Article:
Though Internet videos were used in the 2008 cycle, the 2012 campaign has ushered in a far more sophisticated integration, experts said. The Obama and Romney campaigns use Web videos to launch attacks, respond to attacks and target specific interest groups, and often those ads, which cost very little to produce, end up on cable television and garnering huge audiences.
In July 2008, the Obama campaign posted 66 videos to its YouTube page, of which five were television ads (four attacking rival John McCain and one positive about Obama’s foreign policy vision). The rest were raw video snippets of Obama campaign rallies, endorsements of him and one video about the Democratic National Covention.
By comparison, in July 2012, Obama’s campaign posted 57 videos, including 11 television ads and another 16 highly produced videos produced solely for the Web that attacked Romney and defended Obama against attacks from the GOP’s presumptive nominee.
Most of these Web videos focused on raising questions about Romney’s tenure at Bain Capital, accusing him of sending jobs offshore, and about Romney’s refusal to release his tax returns. A sampling included titles such as “Mitt Romney: Saying Anything to Get Elected,” “Mitt Romney’s Bain Secret Exposed,” and “Why Would Mitt Romney Invest Millions in the Cayman Islands?”
“There is an increase in ads that try to generate moral outrage and anger, that’s what the steelworker ad is trying to do and those are the ads that are highly mobilizing,” said Nicholas Valentino, a University of Michigan political science professor who studies campaign advertising. “It’s a listen up and a call to arms for both sides to say now is the time to donate, to get off the couch and to start to get active.”
Romney, too, has employed a fierce Web-video strategy, posting a series of videos attacking Obama for using the phrase “you didn’t build that” while talking about business entrepreneurs and “it worked” while referring to his economic agenda. The Obama campaign has argued that the Romney campaign has taken the snippets out of context.
In July, the Republican National Committee threw up a Web ad just hours after Obama said the “private sector is doing fine” during a news conference – a video that has garnered 112,000 views on YouTube.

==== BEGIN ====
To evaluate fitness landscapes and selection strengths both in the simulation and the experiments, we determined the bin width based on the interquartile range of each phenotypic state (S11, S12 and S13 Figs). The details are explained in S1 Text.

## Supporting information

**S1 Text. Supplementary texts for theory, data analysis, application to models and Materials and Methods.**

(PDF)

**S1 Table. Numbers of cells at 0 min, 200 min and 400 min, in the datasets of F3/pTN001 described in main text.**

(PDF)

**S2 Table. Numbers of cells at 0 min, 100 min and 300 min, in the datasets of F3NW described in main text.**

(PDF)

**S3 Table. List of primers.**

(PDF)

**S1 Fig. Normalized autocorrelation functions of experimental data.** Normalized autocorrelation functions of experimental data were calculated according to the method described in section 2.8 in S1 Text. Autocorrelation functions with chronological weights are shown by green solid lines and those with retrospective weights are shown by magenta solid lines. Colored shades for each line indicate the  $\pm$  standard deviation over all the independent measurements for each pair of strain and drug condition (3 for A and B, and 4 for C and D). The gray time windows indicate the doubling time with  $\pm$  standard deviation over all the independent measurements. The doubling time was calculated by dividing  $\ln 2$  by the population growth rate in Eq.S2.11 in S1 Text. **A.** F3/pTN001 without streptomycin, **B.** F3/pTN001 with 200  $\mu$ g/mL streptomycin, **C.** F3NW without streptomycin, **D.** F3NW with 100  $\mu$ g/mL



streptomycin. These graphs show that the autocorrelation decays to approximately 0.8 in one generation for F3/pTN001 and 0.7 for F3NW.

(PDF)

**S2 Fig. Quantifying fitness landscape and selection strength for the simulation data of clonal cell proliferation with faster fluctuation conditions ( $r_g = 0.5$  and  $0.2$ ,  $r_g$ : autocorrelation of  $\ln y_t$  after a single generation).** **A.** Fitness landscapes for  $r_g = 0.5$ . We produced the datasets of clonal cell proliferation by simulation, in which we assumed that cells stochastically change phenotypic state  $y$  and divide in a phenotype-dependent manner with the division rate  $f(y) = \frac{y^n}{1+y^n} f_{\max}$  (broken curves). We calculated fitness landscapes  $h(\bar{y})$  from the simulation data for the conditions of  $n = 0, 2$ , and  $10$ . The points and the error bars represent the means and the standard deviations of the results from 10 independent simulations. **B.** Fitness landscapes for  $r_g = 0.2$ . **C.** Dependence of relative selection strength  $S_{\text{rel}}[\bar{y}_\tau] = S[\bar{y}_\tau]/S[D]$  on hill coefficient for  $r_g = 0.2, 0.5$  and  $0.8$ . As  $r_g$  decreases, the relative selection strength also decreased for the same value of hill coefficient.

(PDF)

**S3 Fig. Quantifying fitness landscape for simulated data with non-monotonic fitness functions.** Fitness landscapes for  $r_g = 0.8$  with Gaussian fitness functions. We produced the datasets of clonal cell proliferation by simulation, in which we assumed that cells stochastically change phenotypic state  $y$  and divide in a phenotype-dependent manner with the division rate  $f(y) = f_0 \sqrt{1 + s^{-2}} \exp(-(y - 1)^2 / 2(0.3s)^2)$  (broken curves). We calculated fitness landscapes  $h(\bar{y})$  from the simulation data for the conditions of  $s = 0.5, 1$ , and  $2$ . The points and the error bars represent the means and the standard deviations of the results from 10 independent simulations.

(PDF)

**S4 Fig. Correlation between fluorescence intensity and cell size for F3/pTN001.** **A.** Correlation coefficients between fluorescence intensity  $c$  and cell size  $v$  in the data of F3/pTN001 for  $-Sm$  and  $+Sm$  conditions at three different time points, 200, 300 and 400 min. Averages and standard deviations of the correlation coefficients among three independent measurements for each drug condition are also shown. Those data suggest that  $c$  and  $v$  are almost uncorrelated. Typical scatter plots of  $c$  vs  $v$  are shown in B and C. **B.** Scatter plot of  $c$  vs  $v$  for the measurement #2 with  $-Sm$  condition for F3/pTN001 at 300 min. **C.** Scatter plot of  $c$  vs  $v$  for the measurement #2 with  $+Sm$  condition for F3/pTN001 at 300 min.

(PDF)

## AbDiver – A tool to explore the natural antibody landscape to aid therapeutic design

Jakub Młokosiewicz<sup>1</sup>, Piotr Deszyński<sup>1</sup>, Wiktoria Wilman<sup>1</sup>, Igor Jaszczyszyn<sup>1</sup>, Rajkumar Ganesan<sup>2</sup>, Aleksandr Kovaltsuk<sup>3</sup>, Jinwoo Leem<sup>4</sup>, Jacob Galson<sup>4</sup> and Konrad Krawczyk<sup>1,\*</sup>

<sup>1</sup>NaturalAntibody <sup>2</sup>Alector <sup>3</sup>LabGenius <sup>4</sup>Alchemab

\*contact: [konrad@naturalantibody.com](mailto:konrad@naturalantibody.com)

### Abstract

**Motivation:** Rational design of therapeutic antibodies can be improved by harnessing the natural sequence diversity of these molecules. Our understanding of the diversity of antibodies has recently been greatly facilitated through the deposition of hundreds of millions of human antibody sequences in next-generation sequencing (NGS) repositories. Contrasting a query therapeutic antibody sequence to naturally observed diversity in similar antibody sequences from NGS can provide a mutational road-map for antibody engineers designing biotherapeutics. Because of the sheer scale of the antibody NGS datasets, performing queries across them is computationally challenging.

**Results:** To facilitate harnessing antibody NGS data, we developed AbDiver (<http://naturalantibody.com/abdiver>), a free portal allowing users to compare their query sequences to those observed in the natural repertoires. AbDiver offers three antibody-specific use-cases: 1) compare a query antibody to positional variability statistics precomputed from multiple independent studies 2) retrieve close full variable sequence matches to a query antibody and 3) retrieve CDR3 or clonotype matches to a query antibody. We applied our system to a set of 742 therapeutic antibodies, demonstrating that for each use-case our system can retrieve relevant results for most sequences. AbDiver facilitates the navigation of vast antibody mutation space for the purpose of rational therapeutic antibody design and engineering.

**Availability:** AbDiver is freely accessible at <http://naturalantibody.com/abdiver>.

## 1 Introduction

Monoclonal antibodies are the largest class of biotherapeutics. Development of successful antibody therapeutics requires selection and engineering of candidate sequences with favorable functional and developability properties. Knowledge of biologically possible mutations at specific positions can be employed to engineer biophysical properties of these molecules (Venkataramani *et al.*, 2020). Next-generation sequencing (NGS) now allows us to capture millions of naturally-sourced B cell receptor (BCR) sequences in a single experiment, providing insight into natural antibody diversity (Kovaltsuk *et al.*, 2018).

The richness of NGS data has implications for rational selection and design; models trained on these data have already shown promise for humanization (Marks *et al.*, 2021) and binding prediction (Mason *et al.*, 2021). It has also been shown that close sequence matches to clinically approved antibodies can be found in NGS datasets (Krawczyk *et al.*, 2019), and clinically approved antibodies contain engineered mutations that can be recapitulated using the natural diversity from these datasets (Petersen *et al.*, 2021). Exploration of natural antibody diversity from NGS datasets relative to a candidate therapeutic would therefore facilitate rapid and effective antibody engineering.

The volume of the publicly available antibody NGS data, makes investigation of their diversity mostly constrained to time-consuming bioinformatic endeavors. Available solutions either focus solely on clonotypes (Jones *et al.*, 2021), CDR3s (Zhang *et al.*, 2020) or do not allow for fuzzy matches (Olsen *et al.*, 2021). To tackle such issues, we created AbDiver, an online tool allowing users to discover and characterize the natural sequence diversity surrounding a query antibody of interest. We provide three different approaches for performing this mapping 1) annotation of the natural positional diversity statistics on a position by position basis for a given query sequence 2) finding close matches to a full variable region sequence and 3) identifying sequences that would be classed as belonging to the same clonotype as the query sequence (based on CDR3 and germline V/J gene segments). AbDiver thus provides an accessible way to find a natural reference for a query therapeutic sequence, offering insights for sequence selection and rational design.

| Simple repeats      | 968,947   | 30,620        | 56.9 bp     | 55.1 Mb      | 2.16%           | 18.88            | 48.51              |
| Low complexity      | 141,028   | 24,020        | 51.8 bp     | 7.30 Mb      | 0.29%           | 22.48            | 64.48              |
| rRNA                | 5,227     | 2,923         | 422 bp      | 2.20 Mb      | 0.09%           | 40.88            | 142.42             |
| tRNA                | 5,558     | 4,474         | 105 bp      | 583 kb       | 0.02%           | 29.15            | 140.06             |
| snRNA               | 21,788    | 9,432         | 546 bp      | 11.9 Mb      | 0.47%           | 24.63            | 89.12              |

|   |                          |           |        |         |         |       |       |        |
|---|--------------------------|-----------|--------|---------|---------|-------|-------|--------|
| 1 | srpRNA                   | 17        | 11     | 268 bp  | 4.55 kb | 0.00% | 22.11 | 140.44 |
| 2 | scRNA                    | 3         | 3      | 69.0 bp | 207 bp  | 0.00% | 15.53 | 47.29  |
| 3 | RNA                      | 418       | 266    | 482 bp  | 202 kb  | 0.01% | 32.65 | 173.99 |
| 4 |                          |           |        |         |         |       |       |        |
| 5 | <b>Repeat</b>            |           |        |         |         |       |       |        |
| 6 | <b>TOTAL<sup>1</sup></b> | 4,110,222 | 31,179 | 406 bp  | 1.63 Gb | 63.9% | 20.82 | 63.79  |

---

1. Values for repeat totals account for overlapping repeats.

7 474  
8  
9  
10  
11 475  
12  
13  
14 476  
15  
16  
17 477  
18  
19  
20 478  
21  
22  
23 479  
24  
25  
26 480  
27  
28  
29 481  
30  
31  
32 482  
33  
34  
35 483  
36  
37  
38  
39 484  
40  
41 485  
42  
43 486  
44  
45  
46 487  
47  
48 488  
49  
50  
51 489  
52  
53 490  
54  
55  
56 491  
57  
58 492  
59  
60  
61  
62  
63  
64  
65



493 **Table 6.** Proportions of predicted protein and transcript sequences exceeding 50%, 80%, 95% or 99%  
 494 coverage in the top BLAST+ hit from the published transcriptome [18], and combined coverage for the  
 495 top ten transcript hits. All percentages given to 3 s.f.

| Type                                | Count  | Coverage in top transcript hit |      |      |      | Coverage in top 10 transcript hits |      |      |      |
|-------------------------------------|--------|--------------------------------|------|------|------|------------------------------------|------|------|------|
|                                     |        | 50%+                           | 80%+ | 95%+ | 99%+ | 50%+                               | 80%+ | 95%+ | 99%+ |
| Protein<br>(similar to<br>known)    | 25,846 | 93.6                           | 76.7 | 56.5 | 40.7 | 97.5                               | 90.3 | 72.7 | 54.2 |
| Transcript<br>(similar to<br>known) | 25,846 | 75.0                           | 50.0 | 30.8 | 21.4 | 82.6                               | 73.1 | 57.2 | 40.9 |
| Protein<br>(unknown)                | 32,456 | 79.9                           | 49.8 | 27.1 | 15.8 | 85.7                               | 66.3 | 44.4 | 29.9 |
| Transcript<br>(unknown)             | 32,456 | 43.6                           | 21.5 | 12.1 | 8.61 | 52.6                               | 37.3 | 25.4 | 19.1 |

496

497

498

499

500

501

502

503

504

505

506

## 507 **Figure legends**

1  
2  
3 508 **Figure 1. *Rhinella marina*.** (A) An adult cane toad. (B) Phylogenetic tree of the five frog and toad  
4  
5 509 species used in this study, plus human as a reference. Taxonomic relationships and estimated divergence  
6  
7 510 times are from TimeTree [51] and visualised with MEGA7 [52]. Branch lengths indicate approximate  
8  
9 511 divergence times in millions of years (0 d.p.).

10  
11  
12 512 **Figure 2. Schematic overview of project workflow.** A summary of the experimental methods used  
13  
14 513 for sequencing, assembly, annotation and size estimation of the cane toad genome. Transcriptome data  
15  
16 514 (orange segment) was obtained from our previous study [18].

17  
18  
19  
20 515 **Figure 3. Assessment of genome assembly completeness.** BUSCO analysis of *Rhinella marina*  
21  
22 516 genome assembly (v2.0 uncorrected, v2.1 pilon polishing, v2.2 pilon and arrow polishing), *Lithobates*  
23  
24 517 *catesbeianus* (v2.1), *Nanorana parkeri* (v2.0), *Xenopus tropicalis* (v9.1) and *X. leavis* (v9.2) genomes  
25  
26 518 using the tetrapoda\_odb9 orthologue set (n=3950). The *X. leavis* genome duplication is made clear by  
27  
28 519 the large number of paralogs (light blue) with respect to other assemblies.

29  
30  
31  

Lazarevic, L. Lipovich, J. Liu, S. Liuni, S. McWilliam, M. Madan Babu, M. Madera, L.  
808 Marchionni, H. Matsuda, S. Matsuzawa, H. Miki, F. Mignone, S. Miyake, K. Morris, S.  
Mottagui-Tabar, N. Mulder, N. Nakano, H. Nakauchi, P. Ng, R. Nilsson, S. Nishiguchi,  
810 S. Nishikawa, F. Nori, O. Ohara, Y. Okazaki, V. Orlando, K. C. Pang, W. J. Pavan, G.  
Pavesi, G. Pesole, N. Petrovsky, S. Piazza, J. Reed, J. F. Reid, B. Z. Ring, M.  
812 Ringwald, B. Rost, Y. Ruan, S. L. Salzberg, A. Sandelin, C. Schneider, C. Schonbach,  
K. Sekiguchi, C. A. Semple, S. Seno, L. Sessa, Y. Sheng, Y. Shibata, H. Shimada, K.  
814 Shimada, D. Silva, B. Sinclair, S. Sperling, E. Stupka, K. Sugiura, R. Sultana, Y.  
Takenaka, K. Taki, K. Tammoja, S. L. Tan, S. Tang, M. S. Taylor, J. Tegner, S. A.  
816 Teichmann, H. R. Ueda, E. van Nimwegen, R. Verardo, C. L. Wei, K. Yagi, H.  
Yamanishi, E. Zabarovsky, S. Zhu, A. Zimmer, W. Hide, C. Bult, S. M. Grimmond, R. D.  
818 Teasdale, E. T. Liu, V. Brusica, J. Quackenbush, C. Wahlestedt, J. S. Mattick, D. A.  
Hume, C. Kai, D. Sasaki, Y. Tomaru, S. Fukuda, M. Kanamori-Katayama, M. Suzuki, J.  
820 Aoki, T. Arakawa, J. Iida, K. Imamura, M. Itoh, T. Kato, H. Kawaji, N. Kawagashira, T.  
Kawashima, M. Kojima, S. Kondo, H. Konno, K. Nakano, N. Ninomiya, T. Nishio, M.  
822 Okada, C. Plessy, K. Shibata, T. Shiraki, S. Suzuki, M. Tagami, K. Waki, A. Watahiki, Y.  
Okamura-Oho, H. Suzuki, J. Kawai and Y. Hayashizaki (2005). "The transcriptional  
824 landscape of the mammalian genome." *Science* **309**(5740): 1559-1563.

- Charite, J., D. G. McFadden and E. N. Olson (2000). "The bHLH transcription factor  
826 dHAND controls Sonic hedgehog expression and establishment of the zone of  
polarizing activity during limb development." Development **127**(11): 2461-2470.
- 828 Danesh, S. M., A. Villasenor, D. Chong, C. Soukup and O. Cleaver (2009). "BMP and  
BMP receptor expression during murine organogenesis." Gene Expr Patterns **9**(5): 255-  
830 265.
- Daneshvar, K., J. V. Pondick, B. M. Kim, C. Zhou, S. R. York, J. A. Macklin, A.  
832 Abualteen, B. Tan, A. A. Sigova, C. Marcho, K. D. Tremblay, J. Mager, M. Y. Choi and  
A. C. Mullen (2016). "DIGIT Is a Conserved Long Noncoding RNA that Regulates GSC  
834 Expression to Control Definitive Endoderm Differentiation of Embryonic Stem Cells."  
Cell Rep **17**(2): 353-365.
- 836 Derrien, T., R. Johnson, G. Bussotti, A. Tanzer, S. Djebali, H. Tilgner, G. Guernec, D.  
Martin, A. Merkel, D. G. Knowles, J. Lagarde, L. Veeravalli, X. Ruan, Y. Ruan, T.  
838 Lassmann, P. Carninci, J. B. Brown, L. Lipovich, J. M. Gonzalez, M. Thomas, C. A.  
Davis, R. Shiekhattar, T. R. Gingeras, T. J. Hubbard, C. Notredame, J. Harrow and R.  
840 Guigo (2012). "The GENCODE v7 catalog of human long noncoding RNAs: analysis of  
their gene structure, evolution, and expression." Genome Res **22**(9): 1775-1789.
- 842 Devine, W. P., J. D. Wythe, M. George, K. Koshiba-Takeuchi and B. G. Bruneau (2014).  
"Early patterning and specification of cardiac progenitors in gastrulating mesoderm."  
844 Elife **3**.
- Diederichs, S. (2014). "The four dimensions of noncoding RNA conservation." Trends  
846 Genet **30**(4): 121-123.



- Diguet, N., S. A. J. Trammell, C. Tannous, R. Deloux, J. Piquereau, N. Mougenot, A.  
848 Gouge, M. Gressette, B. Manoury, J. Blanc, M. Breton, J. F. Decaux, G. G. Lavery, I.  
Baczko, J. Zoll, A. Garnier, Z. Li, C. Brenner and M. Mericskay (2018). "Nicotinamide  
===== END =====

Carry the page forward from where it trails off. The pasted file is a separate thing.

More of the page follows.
William Hillsman, an independent political advertising consultant, said both campaigns have calculated that it is more important to inspire their bases than to fight over the smaller set of undecided voters who might prefer a more positive approach.
“It’s a calculated use of negative and ridiculous advertising to try to drive [undecided and independent] people away from voting,” Hillsman said. “The more negative a race gets, the more it suppresses voter turnout. A lot of people believe a pox on both their parties. That’s part of the strategy here. It will be a real grind-it-out, nasty kind of race, the farthest thing from the 2008 campaign of hope and change.”
YouTube’s Rob Saliterman, who handles political ads for Republican campaigns, said campaigns have upped the ante by buying TrueView ads that air the ad content before users can watch other unrelated videos across the site. The campaigns only pay for the ads if viewers watch the whole thing, which happens about 20 percent of the time, said Saliterman, a former press official in the George W. Bush administration. He added that “contrast ads,” which are negative in tone, have a higher rate of views than more positive ads, but that the benefits of advertising online are multiple because viewers can forward the ads to their friends, and the campaigns also include links for viewers to donate money and sign up to volunteer.
Late Thursday, after being on the defensive over the Priorities USA ad for two days, the Obama campaign’s answer was to release an ad that tied Romney to one of the “largest tax avoidance schemes in history.”
The ad, called “Son of Boss,” echoes Reid’s unproven claims about Romney’s tax rates and closes with a question:
“Isn’t it time for Mitt Romney to come clean?”